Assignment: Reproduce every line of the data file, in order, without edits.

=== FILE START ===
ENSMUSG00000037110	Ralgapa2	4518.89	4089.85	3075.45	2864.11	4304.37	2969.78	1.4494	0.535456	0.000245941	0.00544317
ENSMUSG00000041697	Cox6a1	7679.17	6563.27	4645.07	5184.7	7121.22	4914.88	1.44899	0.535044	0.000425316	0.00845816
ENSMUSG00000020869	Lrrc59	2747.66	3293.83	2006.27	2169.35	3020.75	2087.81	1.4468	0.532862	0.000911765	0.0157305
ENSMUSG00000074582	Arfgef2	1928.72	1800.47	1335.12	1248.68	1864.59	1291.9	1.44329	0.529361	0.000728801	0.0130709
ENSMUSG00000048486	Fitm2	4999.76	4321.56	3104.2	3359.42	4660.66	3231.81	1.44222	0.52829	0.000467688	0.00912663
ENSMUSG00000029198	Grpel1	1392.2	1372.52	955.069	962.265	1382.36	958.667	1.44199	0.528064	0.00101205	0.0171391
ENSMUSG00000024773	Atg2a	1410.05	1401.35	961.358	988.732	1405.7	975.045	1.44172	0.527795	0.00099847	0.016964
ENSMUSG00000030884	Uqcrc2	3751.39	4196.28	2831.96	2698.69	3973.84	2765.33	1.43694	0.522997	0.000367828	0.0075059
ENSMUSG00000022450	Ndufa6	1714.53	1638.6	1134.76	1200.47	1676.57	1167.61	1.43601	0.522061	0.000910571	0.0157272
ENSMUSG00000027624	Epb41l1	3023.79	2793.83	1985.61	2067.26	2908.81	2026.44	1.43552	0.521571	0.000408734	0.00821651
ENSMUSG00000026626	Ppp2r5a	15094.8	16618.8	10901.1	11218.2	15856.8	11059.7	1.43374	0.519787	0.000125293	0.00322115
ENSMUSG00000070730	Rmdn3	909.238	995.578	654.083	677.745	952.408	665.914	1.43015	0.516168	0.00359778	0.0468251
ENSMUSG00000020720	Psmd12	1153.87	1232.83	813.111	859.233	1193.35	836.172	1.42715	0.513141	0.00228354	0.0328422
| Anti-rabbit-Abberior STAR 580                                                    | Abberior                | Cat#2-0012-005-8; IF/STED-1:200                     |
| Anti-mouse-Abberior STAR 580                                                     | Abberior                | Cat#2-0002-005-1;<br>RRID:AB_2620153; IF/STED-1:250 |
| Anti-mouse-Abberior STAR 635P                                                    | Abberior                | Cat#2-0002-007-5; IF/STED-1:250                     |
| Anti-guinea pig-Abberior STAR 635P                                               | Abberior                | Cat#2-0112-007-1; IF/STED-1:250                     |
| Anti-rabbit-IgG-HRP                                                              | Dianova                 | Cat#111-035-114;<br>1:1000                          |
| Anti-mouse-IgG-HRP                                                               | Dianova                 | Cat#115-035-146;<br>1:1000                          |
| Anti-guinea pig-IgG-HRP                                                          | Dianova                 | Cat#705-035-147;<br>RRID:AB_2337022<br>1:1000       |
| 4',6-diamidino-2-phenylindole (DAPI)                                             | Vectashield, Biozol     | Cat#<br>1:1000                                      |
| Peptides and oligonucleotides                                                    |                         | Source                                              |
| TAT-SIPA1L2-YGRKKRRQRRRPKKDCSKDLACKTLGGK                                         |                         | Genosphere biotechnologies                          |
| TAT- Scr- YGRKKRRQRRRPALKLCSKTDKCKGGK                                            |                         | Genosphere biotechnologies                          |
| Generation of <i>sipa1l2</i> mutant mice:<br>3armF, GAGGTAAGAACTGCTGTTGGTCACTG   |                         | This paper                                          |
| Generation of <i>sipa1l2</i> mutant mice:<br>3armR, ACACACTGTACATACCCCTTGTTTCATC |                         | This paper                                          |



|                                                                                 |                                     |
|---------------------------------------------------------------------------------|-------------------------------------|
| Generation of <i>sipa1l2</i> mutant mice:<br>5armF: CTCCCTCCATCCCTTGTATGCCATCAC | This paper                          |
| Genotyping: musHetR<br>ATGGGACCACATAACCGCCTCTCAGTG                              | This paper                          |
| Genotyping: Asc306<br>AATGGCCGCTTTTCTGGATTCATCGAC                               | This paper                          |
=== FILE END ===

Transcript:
ENSMUSG00000037110	Ralgapa2	4518.89	4089.85	3075.45	2864.11	4304.37	2969.78	1.4494	0.535456	0.000245941	0.00544317
ENSMUSG00000041697	Cox6a1	7679.17	6563.27	4645.07	5184.7	7121.22	4914.88	1.44899	0.535044	0.000425316	0.00845816
ENSMUSG00000020869	Lrrc59	2747.66	3293.83	2006.27	2169.35	3020.75	2087.81	1.4468	0.532862	0.000911765	0.0157305
ENSMUSG00000074582	Arfgef2	1928.72	1800.47	1335.12	1248.68	1864.59	1291.9	1.44329	0.529361	0.000728801	0.0130709
ENSMUSG00000048486	Fitm2	4999.76	4321.56	3104.2	3359.42	4660.66	3231.81	1.44222	0.52829	0.000467688	0.00912663
ENSMUSG00000029198	Grpel1	1392.2	1372.52	955.069	962.265	1382.36	958.667	1.44199	0.528064	0.00101205	0.0171391
ENSMUSG00000024773	Atg2a	1410.05	1401.35	961.358	988.732	1405.7	975.045	1.44172	0.527795	0.00099847	0.016964
ENSMUSG00000030884	Uqcrc2	3751.39	4196.28	2831.96	2698.69	3973.84	2765.33	1.43694	0.522997	0.000367828	0.0075059
ENSMUSG00000022450	Ndufa6	1714.53	1638.6	1134.76	1200.47	1676.57	1167.61	1.43601	0.522061	0.000910571	0.0157272
ENSMUSG00000027624	Epb41l1	3023.79	2793.83	1985.61	2067.26	2908.81	2026.44	1.43552	0.521571	0.000408734	0.00821651
ENSMUSG00000026626	Ppp2r5a	15094.8	16618.8	10901.1	11218.2	15856.8	11059.7	1.43374	0.519787	0.000125293	0.00322115
ENSMUSG00000070730	Rmdn3	909.238	995.578	654.083	677.745	952.408	665.914	1.43015	0.516168	0.00359778	0.0468251
ENSMUSG00000020720	Psmd12	1153.87	1232.83	813.111	859.233	1193.35	836.172	1.42715	0.513141	0.00228354	0.0328422
| Anti-rabbit-Abberior STAR 580                                                    | Abberior                | Cat#2-0012-005-8; IF/STED-1:200                     |
| Anti-mouse-Abberior STAR 580                                                     | Abberior                | Cat#2-0002-005-1;<br>RRID:AB_2620153; IF/STED-1:250 |
| Anti-mouse-Abberior STAR 635P                                                    | Abberior                | Cat#2-0002-007-5; IF/STED-1:250                     |
| Anti-guinea pig-Abberior STAR 635P                                               | Abberior                | Cat#2-0112-007-1; IF/STED-1:250                     |
| Anti-rabbit-IgG-HRP                                                              | Dianova                 | Cat#111-035-114;<br>1:1000                          |
| Anti-mouse-IgG-HRP                                                               | Dianova                 | Cat#115-035-146;<br>1:1000                          |
| Anti-guinea pig-IgG-HRP                                                          | Dianova                 | Cat#705-035-147;<br>RRID:AB_2337022<br>1:1000       |
| 4',6-diamidino-2-phenylindole (DAPI)                                             | Vectashield, Biozol     | Cat#<br>1:1000                                      |
| Peptides and oligonucleotides                                                    |                         | Source                                              |
| TAT-SIPA1L2-YGRKKRRQRRRPKKDCSKDLACKTLGGK                                         |                         | Genosphere biotechnologies                          |
| TAT- Scr- YGRKKRRQRRRPALKLCSKTDKCKGGK                                            |                         | Genosphere biotechnologies                          |
| Generation of <i>sipa1l2</i> mutant mice:<br>3armF, GAGGTAAGAACTGCTGTTGGTCACTG   |                         | This paper                                          |
| Generation of <i>sipa1l2</i> mutant mice:<br>3armR, ACACACTGTACATACCCCTTGTTTCATC |                         | This paper                                          |



|                                                                                 |                                     |
|---------------------------------------------------------------------------------|-------------------------------------|
| Generation of <i>sipa1l2</i> mutant mice:<br>5armF: CTCCCTCCATCCCTTGTATGCCATCAC | This paper                          |
| Genotyping: musHetR<br>ATGGGACCACATAACCGCCTCTCAGTG                              | This paper                          |
| Genotyping: Asc306<br>AATGGCCGCTTTTCTGGATTCATCGAC                               | This paper                          |